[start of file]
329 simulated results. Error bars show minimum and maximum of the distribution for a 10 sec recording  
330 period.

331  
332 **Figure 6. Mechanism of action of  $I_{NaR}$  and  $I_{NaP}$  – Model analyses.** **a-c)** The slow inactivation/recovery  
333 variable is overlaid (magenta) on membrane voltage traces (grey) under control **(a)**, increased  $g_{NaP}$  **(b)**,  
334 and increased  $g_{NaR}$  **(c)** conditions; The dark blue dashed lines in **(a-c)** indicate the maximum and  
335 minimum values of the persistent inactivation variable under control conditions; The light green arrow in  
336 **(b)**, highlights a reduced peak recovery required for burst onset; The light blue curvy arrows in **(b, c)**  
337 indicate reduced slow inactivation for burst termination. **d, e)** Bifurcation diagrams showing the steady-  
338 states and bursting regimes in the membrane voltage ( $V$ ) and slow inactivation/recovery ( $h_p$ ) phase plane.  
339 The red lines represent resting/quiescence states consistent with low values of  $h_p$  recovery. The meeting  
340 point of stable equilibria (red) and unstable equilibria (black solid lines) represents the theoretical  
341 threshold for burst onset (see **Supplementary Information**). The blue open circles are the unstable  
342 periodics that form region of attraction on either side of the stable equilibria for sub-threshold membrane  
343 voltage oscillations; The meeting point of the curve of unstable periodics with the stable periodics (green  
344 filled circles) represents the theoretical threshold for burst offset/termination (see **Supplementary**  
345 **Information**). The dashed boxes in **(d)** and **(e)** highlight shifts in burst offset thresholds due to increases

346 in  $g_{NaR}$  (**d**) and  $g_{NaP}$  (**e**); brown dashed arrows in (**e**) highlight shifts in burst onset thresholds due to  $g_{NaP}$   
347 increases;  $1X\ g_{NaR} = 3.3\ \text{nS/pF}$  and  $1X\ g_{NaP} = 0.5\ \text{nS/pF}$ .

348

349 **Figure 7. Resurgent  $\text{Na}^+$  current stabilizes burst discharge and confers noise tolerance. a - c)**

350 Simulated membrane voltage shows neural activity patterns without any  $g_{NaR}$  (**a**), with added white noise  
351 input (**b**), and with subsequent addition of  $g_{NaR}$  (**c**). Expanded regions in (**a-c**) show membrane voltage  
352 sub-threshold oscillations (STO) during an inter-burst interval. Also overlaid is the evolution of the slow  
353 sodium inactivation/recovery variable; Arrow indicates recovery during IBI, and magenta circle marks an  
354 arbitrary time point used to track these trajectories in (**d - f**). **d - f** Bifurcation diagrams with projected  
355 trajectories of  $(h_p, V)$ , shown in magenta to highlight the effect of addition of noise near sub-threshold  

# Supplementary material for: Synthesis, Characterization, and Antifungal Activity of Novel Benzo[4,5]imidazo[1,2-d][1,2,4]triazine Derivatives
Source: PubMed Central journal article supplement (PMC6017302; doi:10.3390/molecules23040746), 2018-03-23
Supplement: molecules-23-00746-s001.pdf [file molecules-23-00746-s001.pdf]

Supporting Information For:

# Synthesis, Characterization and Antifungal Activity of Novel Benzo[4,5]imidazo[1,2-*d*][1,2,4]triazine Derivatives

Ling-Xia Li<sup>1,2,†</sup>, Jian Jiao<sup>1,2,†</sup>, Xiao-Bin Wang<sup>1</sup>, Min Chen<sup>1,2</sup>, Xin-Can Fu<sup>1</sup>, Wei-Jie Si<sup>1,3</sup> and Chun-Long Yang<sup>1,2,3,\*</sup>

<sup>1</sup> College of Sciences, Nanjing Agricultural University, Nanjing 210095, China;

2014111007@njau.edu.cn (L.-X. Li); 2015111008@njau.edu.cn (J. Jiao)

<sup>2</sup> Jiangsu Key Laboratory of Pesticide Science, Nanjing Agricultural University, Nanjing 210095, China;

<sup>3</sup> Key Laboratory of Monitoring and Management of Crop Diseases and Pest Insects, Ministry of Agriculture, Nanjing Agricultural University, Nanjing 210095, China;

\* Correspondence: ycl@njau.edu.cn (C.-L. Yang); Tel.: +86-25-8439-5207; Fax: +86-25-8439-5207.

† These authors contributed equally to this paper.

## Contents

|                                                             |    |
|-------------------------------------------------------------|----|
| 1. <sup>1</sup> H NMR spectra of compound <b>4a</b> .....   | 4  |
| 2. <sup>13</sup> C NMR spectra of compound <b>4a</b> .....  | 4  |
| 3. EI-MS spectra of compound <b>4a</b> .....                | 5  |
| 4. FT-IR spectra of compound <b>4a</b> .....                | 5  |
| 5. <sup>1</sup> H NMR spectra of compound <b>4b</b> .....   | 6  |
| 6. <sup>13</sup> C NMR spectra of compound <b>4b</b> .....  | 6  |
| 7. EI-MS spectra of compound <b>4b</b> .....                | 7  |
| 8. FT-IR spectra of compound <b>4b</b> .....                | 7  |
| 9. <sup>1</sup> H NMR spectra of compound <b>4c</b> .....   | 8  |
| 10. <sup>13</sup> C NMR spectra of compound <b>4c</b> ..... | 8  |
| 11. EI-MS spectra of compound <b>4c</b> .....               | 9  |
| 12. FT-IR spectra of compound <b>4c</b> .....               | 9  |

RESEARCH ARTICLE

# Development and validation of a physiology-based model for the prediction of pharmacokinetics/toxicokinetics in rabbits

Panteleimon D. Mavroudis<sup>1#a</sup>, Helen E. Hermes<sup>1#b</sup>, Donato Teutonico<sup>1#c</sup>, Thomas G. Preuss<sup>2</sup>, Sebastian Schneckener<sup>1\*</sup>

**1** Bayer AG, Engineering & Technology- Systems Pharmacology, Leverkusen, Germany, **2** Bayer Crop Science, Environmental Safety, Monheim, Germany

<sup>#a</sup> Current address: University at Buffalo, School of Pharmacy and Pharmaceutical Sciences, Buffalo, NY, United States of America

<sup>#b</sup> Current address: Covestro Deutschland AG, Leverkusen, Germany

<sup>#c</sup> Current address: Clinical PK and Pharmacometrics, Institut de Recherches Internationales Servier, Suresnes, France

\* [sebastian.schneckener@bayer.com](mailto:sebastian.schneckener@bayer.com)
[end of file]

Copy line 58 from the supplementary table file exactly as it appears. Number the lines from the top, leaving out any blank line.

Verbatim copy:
**1** Bayer AG, Engineering & Technology- Systems Pharmacology, Leverkusen, Germany, **2** Bayer Crop Science, Environmental Safety, Monheim, Germany